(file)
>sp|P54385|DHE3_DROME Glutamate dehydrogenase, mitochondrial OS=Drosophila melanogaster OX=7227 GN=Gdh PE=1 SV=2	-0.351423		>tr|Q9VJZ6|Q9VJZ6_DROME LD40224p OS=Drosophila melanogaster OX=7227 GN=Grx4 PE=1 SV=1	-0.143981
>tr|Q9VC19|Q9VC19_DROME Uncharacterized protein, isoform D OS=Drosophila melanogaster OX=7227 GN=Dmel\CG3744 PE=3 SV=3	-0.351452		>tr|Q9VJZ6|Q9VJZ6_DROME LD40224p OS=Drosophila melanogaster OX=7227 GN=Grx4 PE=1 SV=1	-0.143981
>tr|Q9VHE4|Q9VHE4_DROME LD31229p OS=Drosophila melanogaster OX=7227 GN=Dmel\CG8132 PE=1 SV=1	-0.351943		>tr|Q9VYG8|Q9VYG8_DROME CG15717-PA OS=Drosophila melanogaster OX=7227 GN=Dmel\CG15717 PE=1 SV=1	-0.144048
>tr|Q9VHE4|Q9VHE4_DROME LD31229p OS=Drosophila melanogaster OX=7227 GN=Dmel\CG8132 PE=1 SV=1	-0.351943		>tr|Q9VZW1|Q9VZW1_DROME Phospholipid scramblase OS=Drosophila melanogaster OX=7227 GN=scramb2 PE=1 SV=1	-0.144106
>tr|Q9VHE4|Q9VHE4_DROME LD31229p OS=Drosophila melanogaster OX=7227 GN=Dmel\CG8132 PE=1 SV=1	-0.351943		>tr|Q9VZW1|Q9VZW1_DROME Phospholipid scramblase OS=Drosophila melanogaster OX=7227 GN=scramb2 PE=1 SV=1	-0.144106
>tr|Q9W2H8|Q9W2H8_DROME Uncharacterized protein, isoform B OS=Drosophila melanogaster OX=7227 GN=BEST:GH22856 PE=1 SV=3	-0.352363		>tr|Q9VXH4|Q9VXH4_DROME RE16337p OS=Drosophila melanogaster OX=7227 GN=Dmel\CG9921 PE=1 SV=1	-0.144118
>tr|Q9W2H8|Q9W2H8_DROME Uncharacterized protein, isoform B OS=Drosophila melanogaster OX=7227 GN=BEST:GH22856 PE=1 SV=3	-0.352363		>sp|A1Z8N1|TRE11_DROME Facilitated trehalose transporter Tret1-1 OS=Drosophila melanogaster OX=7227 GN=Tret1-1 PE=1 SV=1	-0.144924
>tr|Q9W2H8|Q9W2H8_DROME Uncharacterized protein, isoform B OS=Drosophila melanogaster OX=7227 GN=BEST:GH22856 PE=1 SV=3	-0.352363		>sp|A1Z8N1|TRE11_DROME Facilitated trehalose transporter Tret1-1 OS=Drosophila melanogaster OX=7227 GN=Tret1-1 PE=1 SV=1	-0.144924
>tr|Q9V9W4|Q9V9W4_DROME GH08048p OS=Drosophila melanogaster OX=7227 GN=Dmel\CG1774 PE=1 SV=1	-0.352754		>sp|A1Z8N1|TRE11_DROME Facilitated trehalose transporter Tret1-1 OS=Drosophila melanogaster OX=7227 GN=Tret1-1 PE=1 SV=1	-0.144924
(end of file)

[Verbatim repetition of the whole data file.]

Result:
>sp|P54385|DHE3_DROME Glutamate dehydrogenase, mitochondrial OS=Drosophila melanogaster OX=7227 GN=Gdh PE=1 SV=2	-0.351423		>tr|Q9VJZ6|Q9VJZ6_DROME LD40224p OS=Drosophila melanogaster OX=7227 GN=Grx4 PE=1 SV=1	-0.143981
>tr|Q9VC19|Q9VC19_DROME Uncharacterized protein, isoform D OS=Drosophila melanogaster OX=7227 GN=Dmel\CG3744 PE=3 SV=3	-0.351452		>tr|Q9VJZ6|Q9VJZ6_DROME LD40224p OS=Drosophila melanogaster OX=7227 GN=Grx4 PE=1 SV=1	-0.143981
>tr|Q9VHE4|Q9VHE4_DROME LD31229p OS=Drosophila melanogaster OX=7227 GN=Dmel\CG8132 PE=1 SV=1	-0.351943		>tr|Q9VYG8|Q9VYG8_DROME CG15717-PA OS=Drosophila melanogaster OX=7227 GN=Dmel\CG15717 PE=1 SV=1	-0.144048
>tr|Q9VHE4|Q9VHE4_DROME LD31229p OS=Drosophila melanogaster OX=7227 GN=Dmel\CG8132 PE=1 SV=1	-0.351943		>tr|Q9VZW1|Q9VZW1_DROME Phospholipid scramblase OS=Drosophila melanogaster OX=7227 GN=scramb2 PE=1 SV=1	-0.144106
>tr|Q9VHE4|Q9VHE4_DROME LD31229p OS=Drosophila melanogaster OX=7227 GN=Dmel\CG8132 PE=1 SV=1	-0.351943		>tr|Q9VZW1|Q9VZW1_DROME Phospholipid scramblase OS=Drosophila melanogaster OX=7227 GN=scramb2 PE=1 SV=1	-0.144106
>tr|Q9W2H8|Q9W2H8_DROME Uncharacterized protein, isoform B OS=Drosophila melanogaster OX=7227 GN=BEST:GH22856 PE=1 SV=3	-0.352363		>tr|Q9VXH4|Q9VXH4_DROME RE16337p OS=Drosophila melanogaster OX=7227 GN=Dmel\CG9921 PE=1 SV=1	-0.144118
>tr|Q9W2H8|Q9W2H8_DROME Uncharacterized protein, isoform B OS=Drosophila melanogaster OX=7227 GN=BEST:GH22856 PE=1 SV=3	-0.352363		>sp|A1Z8N1|TRE11_DROME Facilitated trehalose transporter Tret1-1 OS=Drosophila melanogaster OX=7227 GN=Tret1-1 PE=1 SV=1	-0.144924
>tr|Q9W2H8|Q9W2H8_DROME Uncharacterized protein, isoform B OS=Drosophila melanogaster OX=7227 GN=BEST:GH22856 PE=1 SV=3	-0.352363		>sp|A1Z8N1|TRE11_DROME Facilitated trehalose transporter Tret1-1 OS=Drosophila melanogaster OX=7227 GN=Tret1-1 PE=1 SV=1	-0.144924
>tr|Q9V9W4|Q9V9W4_DROME GH08048p OS=Drosophila melanogaster OX=7227 GN=Dmel\CG1774 PE=1 SV=1	-0.352754		>sp|A1Z8N1|TRE11_DROME Facilitated trehalose transporter Tret1-1 OS=Drosophila melanogaster OX=7227 GN=Tret1-1 PE=1 SV=1	-0.144924